They shall in all Cases, except Treason, Felony and Breach of the Peace, be privileged from Arrest during their Attendance at the Session of their respective Houses, and in going to and returning from the same; and for any Speech or Debate in either House, they shall not be questioned in any other Place.

*Update: This post originally stated that Jefferson has been charged. He has not.

In testimony before the Senate Judiciary Committee this morning, former Deputy Attorney General James Comey detailed the desperate late night efforts by then-White House counsel Alberto Gonzales and White House chief of staff Andrew Card to get the Justice Department to approve a secret program -- the warrantless wiretapping program.

According to Comey's testimony this morning, only when faced with resignations by a number of Justice Department officials including Comey, his chief of staff, Ashcroft's chief of staff, Ashcroft himself and possibly Robert Mueller, the director of the FBI, did the White House agree to make changes to the program that would satisfy the requirements of the Justice Department to sign off on it (Comey refused to name the program, but it's apparent from the context and prior reports that this was the warrantless wiretapping program).

The events took place in March of 2004, when the program was in need of renewal by the Justice Department. When then-Attorney General John Ashcroft fell ill and was hospitalized, Comey became the acting-Attorney General.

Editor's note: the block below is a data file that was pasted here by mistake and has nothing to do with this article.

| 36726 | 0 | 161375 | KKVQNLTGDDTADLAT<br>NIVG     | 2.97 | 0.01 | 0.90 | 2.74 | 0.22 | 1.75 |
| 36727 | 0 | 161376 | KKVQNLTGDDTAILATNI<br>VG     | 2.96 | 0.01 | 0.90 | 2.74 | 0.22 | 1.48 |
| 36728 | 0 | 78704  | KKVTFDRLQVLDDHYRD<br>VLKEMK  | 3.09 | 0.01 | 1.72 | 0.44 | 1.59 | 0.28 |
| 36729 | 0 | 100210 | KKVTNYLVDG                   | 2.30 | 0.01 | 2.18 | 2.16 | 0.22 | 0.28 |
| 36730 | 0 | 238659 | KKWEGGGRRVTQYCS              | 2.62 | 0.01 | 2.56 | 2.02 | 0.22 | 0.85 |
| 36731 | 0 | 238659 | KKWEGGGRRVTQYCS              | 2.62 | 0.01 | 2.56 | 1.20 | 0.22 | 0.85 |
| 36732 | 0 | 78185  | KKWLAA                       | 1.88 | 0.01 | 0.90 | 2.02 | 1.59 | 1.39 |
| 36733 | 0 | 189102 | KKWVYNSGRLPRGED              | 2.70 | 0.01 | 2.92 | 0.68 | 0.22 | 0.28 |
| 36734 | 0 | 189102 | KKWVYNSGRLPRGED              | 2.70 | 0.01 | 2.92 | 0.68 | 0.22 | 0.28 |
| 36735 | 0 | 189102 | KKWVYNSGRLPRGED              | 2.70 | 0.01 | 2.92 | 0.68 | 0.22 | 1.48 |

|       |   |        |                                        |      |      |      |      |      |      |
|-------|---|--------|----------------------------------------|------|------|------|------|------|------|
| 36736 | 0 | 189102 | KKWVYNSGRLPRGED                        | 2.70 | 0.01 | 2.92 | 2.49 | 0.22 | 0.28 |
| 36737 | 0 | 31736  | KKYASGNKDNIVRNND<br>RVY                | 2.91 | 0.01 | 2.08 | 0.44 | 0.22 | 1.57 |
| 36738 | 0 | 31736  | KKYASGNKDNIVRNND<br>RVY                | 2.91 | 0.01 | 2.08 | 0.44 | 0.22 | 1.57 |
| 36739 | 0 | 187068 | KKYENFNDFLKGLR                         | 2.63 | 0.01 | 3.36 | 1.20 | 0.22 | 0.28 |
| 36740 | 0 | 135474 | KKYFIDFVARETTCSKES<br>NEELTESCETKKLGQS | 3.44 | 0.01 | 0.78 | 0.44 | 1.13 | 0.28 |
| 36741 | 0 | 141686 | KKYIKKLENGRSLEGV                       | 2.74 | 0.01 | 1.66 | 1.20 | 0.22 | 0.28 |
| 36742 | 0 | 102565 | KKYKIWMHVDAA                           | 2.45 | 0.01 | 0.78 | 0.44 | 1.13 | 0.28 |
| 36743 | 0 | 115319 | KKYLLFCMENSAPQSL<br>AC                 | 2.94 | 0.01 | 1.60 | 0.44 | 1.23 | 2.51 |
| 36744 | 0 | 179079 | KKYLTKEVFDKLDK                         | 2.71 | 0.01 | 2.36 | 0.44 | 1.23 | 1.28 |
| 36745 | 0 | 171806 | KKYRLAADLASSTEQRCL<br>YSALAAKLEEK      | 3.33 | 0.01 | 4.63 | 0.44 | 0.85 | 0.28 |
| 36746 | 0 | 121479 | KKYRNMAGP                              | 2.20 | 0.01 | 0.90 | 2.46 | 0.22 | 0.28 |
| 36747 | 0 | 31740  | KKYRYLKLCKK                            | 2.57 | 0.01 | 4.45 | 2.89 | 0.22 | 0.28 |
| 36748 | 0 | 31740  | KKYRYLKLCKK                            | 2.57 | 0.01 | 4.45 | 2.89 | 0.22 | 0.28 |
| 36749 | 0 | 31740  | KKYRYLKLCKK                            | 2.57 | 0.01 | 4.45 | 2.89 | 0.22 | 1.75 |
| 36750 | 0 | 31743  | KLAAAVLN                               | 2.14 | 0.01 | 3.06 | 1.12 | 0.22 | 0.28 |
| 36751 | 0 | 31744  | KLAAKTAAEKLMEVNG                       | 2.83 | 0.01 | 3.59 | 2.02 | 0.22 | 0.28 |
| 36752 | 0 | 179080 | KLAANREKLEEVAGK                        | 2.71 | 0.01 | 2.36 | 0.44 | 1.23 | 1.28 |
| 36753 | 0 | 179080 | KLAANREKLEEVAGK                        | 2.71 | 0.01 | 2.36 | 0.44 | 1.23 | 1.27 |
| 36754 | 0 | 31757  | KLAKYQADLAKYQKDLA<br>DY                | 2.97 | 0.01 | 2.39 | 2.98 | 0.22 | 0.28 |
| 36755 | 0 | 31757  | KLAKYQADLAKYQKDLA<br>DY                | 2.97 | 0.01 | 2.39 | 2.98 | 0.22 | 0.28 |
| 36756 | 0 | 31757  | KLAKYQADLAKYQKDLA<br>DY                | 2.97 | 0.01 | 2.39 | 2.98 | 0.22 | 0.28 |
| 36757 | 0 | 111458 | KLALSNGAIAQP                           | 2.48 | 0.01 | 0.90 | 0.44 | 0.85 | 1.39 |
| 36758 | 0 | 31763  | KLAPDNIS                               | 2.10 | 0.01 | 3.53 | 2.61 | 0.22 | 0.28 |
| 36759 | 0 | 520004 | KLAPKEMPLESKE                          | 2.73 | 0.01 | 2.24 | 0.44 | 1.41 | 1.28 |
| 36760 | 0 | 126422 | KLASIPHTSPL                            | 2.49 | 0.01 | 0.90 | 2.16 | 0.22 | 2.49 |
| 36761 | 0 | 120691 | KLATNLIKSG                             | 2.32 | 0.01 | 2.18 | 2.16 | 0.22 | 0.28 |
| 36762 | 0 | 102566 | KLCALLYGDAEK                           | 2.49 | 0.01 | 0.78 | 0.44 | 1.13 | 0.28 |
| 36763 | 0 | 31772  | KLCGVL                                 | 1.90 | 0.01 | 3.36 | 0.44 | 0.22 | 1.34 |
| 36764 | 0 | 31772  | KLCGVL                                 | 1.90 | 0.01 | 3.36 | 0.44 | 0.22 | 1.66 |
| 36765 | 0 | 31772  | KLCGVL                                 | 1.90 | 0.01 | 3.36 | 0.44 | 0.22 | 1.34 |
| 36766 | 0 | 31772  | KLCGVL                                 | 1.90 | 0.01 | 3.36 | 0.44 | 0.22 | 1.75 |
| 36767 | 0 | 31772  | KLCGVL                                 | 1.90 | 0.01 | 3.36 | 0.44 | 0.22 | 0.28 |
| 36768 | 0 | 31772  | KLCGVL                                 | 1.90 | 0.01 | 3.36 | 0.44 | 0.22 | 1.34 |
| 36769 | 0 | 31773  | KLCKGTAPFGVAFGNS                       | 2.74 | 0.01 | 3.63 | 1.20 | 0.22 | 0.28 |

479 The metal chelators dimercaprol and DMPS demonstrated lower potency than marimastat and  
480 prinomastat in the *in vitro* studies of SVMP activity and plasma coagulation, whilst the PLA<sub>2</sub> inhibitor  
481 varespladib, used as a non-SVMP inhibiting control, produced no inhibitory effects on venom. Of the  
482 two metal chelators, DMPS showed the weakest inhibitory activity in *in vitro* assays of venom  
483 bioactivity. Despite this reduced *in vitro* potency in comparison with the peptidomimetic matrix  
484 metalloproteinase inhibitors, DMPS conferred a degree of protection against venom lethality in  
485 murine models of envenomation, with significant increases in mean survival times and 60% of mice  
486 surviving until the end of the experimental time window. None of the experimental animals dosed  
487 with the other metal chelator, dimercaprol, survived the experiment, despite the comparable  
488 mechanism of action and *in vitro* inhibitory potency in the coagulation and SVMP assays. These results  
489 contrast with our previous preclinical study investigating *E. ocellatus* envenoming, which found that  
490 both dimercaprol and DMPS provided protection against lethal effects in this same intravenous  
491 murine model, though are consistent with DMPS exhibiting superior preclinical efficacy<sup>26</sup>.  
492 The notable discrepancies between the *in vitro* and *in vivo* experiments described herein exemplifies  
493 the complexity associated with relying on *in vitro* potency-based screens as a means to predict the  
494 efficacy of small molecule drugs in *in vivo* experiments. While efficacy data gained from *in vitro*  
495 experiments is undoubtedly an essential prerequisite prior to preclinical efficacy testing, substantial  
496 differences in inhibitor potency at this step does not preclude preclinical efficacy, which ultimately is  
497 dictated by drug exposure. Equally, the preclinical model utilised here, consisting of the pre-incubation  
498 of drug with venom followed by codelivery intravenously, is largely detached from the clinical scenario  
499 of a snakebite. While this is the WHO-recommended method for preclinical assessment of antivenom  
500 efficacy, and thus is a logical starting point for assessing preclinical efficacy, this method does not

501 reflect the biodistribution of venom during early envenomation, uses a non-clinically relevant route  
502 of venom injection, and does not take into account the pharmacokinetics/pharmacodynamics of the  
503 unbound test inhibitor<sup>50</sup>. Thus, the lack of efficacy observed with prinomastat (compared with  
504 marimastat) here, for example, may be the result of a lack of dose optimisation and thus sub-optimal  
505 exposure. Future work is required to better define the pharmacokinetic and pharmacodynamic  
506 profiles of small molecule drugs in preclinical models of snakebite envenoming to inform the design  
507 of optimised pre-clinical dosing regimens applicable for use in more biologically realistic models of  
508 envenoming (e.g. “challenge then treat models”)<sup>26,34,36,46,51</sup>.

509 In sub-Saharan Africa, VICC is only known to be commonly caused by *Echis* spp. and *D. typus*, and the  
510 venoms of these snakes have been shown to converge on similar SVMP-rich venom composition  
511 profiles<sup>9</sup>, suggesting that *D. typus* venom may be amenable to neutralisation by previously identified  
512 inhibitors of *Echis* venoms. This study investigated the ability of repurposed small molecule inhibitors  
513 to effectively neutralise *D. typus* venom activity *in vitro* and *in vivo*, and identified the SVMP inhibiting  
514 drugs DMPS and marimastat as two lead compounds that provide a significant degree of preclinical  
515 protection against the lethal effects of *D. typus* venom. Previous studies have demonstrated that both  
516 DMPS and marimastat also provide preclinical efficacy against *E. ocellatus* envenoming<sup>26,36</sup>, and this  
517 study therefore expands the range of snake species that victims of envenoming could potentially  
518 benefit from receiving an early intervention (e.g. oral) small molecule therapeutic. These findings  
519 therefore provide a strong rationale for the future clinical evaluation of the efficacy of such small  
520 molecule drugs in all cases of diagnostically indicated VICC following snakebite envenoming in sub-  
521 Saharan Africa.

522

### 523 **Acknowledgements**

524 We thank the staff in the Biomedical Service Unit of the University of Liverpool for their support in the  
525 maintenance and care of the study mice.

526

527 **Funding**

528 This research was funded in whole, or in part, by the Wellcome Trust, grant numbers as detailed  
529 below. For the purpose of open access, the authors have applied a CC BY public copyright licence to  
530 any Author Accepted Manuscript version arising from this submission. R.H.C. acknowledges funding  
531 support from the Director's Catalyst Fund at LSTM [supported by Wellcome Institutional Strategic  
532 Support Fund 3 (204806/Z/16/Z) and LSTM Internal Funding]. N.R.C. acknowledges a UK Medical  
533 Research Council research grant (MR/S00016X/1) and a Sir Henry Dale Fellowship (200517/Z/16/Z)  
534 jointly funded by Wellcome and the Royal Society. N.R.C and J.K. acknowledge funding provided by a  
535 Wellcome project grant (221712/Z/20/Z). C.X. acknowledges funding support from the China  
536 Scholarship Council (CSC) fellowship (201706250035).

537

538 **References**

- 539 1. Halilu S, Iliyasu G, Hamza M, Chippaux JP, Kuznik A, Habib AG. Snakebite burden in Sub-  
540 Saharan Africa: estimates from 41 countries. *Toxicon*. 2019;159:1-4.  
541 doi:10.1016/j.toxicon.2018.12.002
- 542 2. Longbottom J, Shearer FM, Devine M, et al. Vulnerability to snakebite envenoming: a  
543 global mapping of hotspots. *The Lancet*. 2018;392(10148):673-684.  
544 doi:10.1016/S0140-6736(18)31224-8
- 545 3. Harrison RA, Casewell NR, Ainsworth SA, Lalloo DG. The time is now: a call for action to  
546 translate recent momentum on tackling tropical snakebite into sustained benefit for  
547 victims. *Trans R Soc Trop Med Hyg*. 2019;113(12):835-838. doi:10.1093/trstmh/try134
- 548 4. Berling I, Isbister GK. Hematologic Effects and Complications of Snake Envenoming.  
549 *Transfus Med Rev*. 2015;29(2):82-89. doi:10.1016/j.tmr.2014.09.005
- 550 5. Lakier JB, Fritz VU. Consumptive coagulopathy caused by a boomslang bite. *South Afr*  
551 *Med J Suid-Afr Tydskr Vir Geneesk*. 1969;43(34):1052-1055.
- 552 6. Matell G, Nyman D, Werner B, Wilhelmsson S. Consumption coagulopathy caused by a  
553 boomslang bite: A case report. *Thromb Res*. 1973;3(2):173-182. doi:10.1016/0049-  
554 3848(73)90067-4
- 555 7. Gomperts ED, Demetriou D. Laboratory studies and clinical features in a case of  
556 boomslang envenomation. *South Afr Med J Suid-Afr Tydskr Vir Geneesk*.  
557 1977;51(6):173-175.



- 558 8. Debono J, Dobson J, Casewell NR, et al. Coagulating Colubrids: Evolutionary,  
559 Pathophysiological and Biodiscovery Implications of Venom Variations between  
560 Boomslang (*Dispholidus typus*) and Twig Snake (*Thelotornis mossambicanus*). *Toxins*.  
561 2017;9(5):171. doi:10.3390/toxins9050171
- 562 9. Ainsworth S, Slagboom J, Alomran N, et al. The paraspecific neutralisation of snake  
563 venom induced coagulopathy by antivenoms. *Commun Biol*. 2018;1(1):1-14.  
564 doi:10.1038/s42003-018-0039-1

The deadline for the Justice Department's providing its sign-off of the program was March 11th (the program required reauthorization every 45 days). On that day, Comey, then the acting AG, informed the White House that he "would not certify the legality" of the program.

According to Comey, he was on his way home when he got a call from Ashcroft's wife that Alberto Gonzales and Andrew Card were on their way to the hospital*. Comey then rushed to the hospital (sirens blaring) to beat them there and thwart "an effort to overrule me."

After Comey arrived at the hospital with a group of senior Justice Department officials, Gonzales and Card arrived and walked up to Ashcroft, who was lying barely conscious on his hospital bed. "Gonzales began to explain why he was there, to seek his approval for a matter," Comey testified. But Ashcroft rebuffed Gonzales and told him that Comey was the attorney general now. "The two men turned and walked from the room," said Comey.